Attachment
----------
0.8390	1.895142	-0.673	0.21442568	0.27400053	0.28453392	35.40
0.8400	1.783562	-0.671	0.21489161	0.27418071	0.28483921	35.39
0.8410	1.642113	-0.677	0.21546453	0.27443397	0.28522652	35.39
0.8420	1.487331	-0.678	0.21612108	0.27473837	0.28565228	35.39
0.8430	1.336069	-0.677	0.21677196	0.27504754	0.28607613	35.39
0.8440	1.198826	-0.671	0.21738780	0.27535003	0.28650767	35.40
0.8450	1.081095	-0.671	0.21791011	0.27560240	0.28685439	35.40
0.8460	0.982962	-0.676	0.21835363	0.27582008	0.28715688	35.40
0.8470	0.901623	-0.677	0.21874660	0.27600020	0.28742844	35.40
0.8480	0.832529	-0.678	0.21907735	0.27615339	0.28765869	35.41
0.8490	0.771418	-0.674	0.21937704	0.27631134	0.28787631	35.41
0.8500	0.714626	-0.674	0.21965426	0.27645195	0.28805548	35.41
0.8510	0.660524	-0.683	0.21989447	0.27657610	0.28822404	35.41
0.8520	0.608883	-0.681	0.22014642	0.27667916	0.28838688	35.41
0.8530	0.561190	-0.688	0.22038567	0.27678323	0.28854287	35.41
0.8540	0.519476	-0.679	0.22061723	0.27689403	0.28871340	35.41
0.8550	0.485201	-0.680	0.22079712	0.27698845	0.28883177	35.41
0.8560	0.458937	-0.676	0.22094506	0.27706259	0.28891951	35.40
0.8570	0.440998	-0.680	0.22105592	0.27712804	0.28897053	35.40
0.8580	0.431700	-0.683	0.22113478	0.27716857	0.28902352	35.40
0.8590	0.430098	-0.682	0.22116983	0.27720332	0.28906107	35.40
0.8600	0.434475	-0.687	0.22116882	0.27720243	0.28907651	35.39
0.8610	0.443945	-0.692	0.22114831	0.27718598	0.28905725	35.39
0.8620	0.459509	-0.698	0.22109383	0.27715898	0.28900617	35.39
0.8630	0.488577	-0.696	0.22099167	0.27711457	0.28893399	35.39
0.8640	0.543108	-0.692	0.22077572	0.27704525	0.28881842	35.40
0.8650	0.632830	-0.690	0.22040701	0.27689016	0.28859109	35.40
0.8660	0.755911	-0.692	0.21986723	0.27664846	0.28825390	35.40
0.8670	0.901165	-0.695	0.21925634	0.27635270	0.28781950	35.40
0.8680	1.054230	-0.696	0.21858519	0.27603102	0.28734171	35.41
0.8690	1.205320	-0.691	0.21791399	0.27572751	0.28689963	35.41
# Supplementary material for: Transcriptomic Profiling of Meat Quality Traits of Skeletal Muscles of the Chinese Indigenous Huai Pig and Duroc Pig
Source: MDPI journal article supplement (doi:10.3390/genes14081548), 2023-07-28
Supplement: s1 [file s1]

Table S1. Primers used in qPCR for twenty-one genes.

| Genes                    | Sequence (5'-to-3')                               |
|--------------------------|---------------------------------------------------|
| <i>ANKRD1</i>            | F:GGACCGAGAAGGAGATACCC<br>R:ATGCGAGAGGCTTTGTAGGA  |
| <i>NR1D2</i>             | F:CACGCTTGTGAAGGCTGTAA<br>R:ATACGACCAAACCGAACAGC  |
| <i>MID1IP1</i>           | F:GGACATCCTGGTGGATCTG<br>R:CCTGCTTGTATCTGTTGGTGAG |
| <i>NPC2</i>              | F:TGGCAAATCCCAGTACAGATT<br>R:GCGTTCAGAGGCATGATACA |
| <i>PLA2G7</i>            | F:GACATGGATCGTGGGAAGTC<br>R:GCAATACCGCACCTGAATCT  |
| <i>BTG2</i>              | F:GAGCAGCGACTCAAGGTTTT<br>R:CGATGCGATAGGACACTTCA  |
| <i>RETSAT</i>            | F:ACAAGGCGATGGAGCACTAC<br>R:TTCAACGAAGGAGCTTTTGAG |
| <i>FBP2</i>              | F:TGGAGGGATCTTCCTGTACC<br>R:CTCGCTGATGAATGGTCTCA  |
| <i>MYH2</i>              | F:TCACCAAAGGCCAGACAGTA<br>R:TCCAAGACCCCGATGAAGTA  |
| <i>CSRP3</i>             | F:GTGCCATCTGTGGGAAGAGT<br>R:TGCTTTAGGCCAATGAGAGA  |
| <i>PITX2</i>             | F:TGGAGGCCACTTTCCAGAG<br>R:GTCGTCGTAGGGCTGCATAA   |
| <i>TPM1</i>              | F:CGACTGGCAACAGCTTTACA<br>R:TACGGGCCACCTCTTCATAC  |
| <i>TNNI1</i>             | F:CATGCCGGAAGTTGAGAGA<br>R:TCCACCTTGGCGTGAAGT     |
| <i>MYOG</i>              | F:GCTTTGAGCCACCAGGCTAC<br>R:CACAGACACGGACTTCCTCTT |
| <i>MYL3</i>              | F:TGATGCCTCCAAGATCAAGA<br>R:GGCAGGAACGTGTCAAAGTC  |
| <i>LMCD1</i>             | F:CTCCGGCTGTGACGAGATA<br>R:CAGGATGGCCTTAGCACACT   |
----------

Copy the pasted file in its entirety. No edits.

0.8390	1.895142	-0.673	0.21442568	0.27400053	0.28453392	35.40
0.8400	1.783562	-0.671	0.21489161	0.27418071	0.28483921	35.39
0.8410	1.642113	-0.677	0.21546453	0.27443397	0.28522652	35.39
0.8420	1.487331	-0.678	0.21612108	0.27473837	0.28565228	35.39
0.8430	1.336069	-0.677	0.21677196	0.27504754	0.28607613	35.39
0.8440	1.198826	-0.671	0.21738780	0.27535003	0.28650767	35.40
0.8450	1.081095	-0.671	0.21791011	0.27560240	0.28685439	35.40
0.8460	0.982962	-0.676	0.21835363	0.27582008	0.28715688	35.40
0.8470	0.901623	-0.677	0.21874660	0.27600020	0.28742844	35.40
0.8480	0.832529	-0.678	0.21907735	0.27615339	0.28765869	35.41
0.8490	0.771418	-0.674	0.21937704	0.27631134	0.28787631	35.41
0.8500	0.714626	-0.674	0.21965426	0.27645195	0.28805548	35.41
0.8510	0.660524	-0.683	0.21989447	0.27657610	0.28822404	35.41
0.8520	0.608883	-0.681	0.22014642	0.27667916	0.28838688	35.41
0.8530	0.561190	-0.688	0.22038567	0.27678323	0.28854287	35.41
0.8540	0.519476	-0.679	0.22061723	0.27689403	0.28871340	35.41
0.8550	0.485201	-0.680	0.22079712	0.27698845	0.28883177	35.41
0.8560	0.458937	-0.676	0.22094506	0.27706259	0.28891951	35.40
0.8570	0.440998	-0.680	0.22105592	0.27712804	0.28897053	35.40
0.8580	0.431700	-0.683	0.22113478	0.27716857	0.28902352	35.40
0.8590	0.430098	-0.682	0.22116983	0.27720332	0.28906107	35.40
0.8600	0.434475	-0.687	0.22116882	0.27720243	0.28907651	35.39
0.8610	0.443945	-0.692	0.22114831	0.27718598	0.28905725	35.39
0.8620	0.459509	-0.698	0.22109383	0.27715898	0.28900617	35.39
0.8630	0.488577	-0.696	0.22099167	0.27711457	0.28893399	35.39
0.8640	0.543108	-0.692	0.22077572	0.27704525	0.28881842	35.40
0.8650	0.632830	-0.690	0.22040701	0.27689016	0.28859109	35.40
0.8660	0.755911	-0.692	0.21986723	0.27664846	0.28825390	35.40
0.8670	0.901165	-0.695	0.21925634	0.27635270	0.28781950	35.40
0.8680	1.054230	-0.696	0.21858519	0.27603102	0.28734171	35.41
0.8690	1.205320	-0.691	0.21791399	0.27572751	0.28689963	35.41
# Supplementary material for: Transcriptomic Profiling of Meat Quality Traits of Skeletal Muscles of the Chinese Indigenous Huai Pig and Duroc Pig
Source: MDPI journal article supplement (doi:10.3390/genes14081548), 2023-07-28
Supplement: s1 [file s1]

Table S1. Primers used in qPCR for twenty-one genes.

| Genes                    | Sequence (5'-to-3')                               |
|--------------------------|---------------------------------------------------|
| <i>ANKRD1</i>            | F:GGACCGAGAAGGAGATACCC<br>R:ATGCGAGAGGCTTTGTAGGA  |
| <i>NR1D2</i>             | F:CACGCTTGTGAAGGCTGTAA<br>R:ATACGACCAAACCGAACAGC  |
| <i>MID1IP1</i>           | F:GGACATCCTGGTGGATCTG<br>R:CCTGCTTGTATCTGTTGGTGAG |
| <i>NPC2</i>              | F:TGGCAAATCCCAGTACAGATT<br>R:GCGTTCAGAGGCATGATACA |
| <i>PLA2G7</i>            | F:GACATGGATCGTGGGAAGTC<br>R:GCAATACCGCACCTGAATCT  |
| <i>BTG2</i>              | F:GAGCAGCGACTCAAGGTTTT<br>R:CGATGCGATAGGACACTTCA  |
| <i>RETSAT</i>            | F:ACAAGGCGATGGAGCACTAC<br>R:TTCAACGAAGGAGCTTTTGAG |
| <i>FBP2</i>              | F:TGGAGGGATCTTCCTGTACC<br>R:CTCGCTGATGAATGGTCTCA  |
| <i>MYH2</i>              | F:TCACCAAAGGCCAGACAGTA<br>R:TCCAAGACCCCGATGAAGTA  |
| <i>CSRP3</i>             | F:GTGCCATCTGTGGGAAGAGT<br>R:TGCTTTAGGCCAATGAGAGA  |
| <i>PITX2</i>             | F:TGGAGGCCACTTTCCAGAG<br>R:GTCGTCGTAGGGCTGCATAA   |
| <i>TPM1</i>              | F:CGACTGGCAACAGCTTTACA<br>R:TACGGGCCACCTCTTCATAC  |
| <i>TNNI1</i>             | F:CATGCCGGAAGTTGAGAGA<br>R:TCCACCTTGGCGTGAAGT     |
| <i>MYOG</i>              | F:GCTTTGAGCCACCAGGCTAC<br>R:CACAGACACGGACTTCCTCTT |
| <i>MYL3</i>              | F:TGATGCCTCCAAGATCAAGA<br>R:GGCAGGAACGTGTCAAAGTC  |
| <i>LMCD1</i>             | F:CTCCGGCTGTGACGAGATA<br>R:CAGGATGGCCTTAGCACACT   |